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State Tax Commission of State of Arizona v. Magma Copper Company

Supreme Court of Arizona

November 16, 1932

STATE TAX COMMISSION OF THE STATE OF ARIZONA, THE STATE BOARD OF EQUALIZATION OF THE STATE OF ARIZONA, E. A. HUGHES, FRANK LUKE, and M. A. MURPHY, Members of Said State Board of Equalization, and the COUNTY OF PINAL OF THE STATE OF ARIZONA, Appellants,
v.
MAGMA COPPER COMPANY, a Corporation, Appellee

APPEAL from a judgment of the Superior Court of the County of Pinal. E. L. Green, Judge. Judgment reversed and case remanded, with instructions.

Mr. K. Berry Peterson, Attorney General, Mr. Charles L. Strouss, Assistant Attorney General, and Mr. W. E. Truman, County Attorney, for Appellants.

Messrs. Rice & Mathews, for Appellee.

OPINION

[41 Ariz. 98] LOCKWOOD, J.

Magma Copper Company, a corporation, hereinafter called plaintiff, brought suit against the State Tax Commission, hereinafter called the commission, and the county of Pinal, to review the valuation of plaintiff's producing mines for the year 1930, fixed by the Commission at some $14,000,000. The

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matter was heard before the court sitting without a jury, and, on March 2d, 1932, findings of fact and conclusions of law were filed, and a judgment fixing the value of the mine in question at $8,712,000 was duly rendered, and it was ordered that the county of Pinal refund the plaintiff the sum of $109,620.55, being the excess tax paid by plaintiff, as required by law, [41 Ariz. 99] as a condition precedent to the filing of this suit. From this judgment the defendants have appealed.

There are eight assignments of error, but the question raised by all eight is in effect the sufficiency of the evidence to sustain the judgment, and we therefore consider them as one. The trial court in fixing the value of the mine in question followed the usual and correct rule of estimating the probable gross revenue to be received from the ore presumably contained in the mine; deducting therefrom the probable cost of extraction, reduction, and selling the product of the ore, including therein all factors of cost, and reducing the difference, which would be the net value of the product, to its present worth, based upon such net value and the length of time it would probably take to produce it. It is conceded, as it must be, that this formula is the proper one to be used in determining the actual cash value for taxation of a producing mine at any particular time. Defendants, however, contend that the trial court erred as a matter of law in its estimate of the cost of production in that it included in such cost some $4,100,000 as a future development cost which was not reasonably necessary for the extraction and reduction of the ore on which the gross value of the mine was based.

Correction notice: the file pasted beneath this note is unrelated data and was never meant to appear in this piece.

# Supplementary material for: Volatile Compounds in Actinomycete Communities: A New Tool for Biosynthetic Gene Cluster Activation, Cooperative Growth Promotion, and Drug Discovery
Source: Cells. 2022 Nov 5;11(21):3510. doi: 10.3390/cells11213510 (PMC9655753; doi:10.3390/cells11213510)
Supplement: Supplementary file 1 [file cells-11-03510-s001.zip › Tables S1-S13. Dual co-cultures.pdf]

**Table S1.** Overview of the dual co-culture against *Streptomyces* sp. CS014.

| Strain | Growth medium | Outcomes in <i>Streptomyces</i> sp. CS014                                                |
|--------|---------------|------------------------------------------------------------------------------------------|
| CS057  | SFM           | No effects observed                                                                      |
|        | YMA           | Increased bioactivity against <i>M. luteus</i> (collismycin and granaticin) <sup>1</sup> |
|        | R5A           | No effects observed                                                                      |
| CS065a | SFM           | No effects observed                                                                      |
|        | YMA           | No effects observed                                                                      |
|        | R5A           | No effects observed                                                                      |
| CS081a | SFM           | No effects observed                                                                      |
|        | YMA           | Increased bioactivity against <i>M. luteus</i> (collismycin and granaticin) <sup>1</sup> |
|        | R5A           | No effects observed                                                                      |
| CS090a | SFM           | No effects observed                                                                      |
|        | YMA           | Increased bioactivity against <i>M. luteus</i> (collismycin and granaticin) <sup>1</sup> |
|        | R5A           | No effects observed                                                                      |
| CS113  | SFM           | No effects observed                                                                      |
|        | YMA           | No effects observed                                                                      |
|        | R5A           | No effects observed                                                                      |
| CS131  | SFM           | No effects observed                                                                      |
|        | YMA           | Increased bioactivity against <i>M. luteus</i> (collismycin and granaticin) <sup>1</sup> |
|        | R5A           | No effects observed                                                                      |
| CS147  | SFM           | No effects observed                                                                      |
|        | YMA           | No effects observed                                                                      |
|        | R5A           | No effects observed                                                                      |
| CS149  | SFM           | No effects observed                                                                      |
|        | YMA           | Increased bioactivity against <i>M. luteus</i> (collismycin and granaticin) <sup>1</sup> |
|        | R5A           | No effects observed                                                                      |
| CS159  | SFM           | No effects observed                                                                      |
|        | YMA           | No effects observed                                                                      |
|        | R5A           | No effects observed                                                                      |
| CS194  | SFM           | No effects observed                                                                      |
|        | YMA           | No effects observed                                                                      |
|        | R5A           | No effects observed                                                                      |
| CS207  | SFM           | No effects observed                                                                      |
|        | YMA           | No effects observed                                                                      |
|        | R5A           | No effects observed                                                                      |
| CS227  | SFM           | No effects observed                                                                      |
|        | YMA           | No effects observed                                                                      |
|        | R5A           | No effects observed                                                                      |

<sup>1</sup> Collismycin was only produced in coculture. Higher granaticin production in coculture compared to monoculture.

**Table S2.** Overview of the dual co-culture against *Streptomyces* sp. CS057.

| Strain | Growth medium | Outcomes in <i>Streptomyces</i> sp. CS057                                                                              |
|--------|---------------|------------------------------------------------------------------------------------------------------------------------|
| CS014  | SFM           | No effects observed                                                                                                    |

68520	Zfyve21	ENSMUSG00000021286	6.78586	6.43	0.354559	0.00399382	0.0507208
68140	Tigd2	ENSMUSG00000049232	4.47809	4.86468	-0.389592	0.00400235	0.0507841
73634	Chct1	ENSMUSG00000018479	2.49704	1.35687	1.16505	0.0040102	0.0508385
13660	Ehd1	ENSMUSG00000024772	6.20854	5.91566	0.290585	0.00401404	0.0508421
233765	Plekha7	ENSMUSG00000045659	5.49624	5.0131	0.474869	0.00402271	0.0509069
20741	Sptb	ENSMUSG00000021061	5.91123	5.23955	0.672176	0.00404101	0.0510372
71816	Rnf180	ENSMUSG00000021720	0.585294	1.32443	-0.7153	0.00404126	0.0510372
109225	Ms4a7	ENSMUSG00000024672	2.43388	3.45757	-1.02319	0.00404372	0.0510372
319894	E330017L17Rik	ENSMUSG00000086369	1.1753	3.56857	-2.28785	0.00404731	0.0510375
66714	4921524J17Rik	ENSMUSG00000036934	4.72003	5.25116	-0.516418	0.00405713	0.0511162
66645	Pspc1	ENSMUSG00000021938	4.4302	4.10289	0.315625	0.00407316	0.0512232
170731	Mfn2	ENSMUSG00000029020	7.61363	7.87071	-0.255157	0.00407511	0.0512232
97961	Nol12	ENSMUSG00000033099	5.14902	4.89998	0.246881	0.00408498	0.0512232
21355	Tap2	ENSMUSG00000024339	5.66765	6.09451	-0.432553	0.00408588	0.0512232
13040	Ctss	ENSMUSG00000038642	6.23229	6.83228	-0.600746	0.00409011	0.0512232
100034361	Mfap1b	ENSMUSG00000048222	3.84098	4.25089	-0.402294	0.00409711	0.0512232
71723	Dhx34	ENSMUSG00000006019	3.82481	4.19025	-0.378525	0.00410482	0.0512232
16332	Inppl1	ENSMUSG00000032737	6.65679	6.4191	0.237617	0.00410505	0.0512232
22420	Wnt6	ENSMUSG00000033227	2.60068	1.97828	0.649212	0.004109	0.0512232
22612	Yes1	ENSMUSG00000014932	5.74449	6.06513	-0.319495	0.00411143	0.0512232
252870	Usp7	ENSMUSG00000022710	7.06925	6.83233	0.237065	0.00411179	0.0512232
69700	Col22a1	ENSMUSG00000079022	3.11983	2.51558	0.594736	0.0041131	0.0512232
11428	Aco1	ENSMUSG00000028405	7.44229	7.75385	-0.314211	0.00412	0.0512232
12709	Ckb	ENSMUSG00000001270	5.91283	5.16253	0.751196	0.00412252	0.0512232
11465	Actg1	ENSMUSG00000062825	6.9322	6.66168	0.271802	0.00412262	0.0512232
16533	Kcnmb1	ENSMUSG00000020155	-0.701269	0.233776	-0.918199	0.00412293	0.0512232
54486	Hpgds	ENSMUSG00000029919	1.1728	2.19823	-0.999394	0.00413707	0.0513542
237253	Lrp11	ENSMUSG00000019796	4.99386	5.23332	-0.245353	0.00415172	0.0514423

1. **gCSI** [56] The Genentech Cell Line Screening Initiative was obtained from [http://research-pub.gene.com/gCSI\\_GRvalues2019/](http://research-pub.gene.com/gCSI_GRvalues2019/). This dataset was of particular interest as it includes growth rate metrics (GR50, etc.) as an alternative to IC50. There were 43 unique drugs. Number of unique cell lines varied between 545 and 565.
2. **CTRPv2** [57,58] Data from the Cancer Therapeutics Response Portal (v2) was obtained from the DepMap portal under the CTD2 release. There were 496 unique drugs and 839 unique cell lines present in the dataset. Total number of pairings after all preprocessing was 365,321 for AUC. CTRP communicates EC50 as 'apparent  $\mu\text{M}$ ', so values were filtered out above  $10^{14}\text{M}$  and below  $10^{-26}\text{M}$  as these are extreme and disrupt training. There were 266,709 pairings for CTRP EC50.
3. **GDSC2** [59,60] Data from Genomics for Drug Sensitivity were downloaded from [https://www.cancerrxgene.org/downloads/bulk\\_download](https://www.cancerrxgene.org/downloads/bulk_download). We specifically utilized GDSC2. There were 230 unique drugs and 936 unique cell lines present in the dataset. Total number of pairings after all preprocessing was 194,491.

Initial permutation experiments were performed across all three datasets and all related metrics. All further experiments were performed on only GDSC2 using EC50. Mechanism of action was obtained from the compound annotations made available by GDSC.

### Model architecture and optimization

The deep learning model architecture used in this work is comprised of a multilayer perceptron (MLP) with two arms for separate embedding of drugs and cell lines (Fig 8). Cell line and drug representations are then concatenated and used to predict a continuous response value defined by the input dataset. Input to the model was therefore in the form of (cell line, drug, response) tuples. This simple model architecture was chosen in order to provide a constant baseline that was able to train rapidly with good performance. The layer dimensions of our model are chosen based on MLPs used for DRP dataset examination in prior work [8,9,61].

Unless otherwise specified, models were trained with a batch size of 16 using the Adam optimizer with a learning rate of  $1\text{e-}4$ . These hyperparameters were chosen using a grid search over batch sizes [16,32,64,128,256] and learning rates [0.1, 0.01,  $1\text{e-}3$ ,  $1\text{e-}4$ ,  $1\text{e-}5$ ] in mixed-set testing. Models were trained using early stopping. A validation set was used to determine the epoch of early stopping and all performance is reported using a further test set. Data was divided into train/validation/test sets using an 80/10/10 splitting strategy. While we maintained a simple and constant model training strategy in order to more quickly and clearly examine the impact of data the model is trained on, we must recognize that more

Plaintiff contends we cannot consider this objection because the findings of fact of the trial court on which defendants' contention is based are not properly findings of ultimate fact, but of evidentiary facts, and that this court cannot review such findings, but must confine itself to what plaintiff claims to be the only proper ultimate finding, to wit, that the cash value of the mine in question as of the date of the assessment for 1930 was $8,712,000, and no more.

We consider first, as a matter of practice, what the findings of a trial court should include. Section 3819, Revised Code 1928, reads in part as follows:

[41 Ariz. 100] ". . . The court may, and shall at the request of either party, make written findings of fact stating the facts found and the conclusions of law separately. . . ."

In determining the nature of these findings we must consider the purpose of making them at all. Obviously their only value is to make it possible for the appellate court to determine the theory upon which the trial court reached its judgment, so that it can be decided whether the judgment, as a matter of fact and law, is sustained by the record. We have consistently held that, when a trial court returns a general judgment without findings of fact, if there is any theory of the case upon which the judgment can be sustained and any reasonable evidence in the record supporting such theory, we will assume that the trial court has adopted that theory and believes the evidence supporting it, and that we will not disturb its judgment because other evidence in the record supports a theory of the case requiring a different judgment as a matter of law. It follows necessarily as a corollary that, if it appears affirmatively in the record that the facts found by the trial court, and on which its judgment is expressly based, are not sustained by the evidence, or as a matter of law would not sustain its judgment, we should reverse the case. If, therefore, findings of fact are made, they should be sufficient so that we may determine upon what presumptive state of facts the trial court rendered its judgment.

The question involved herein has been well discussed in the case of Apodaca v. Lueras, 34 N.M. 121, 278 P. 197, wherein the court says:

". . . It is the trial court's duty to make findings of the essential or determining facts, on which its conclusion in the case was reached, specific enough to enable this court to review its decision on the same ...


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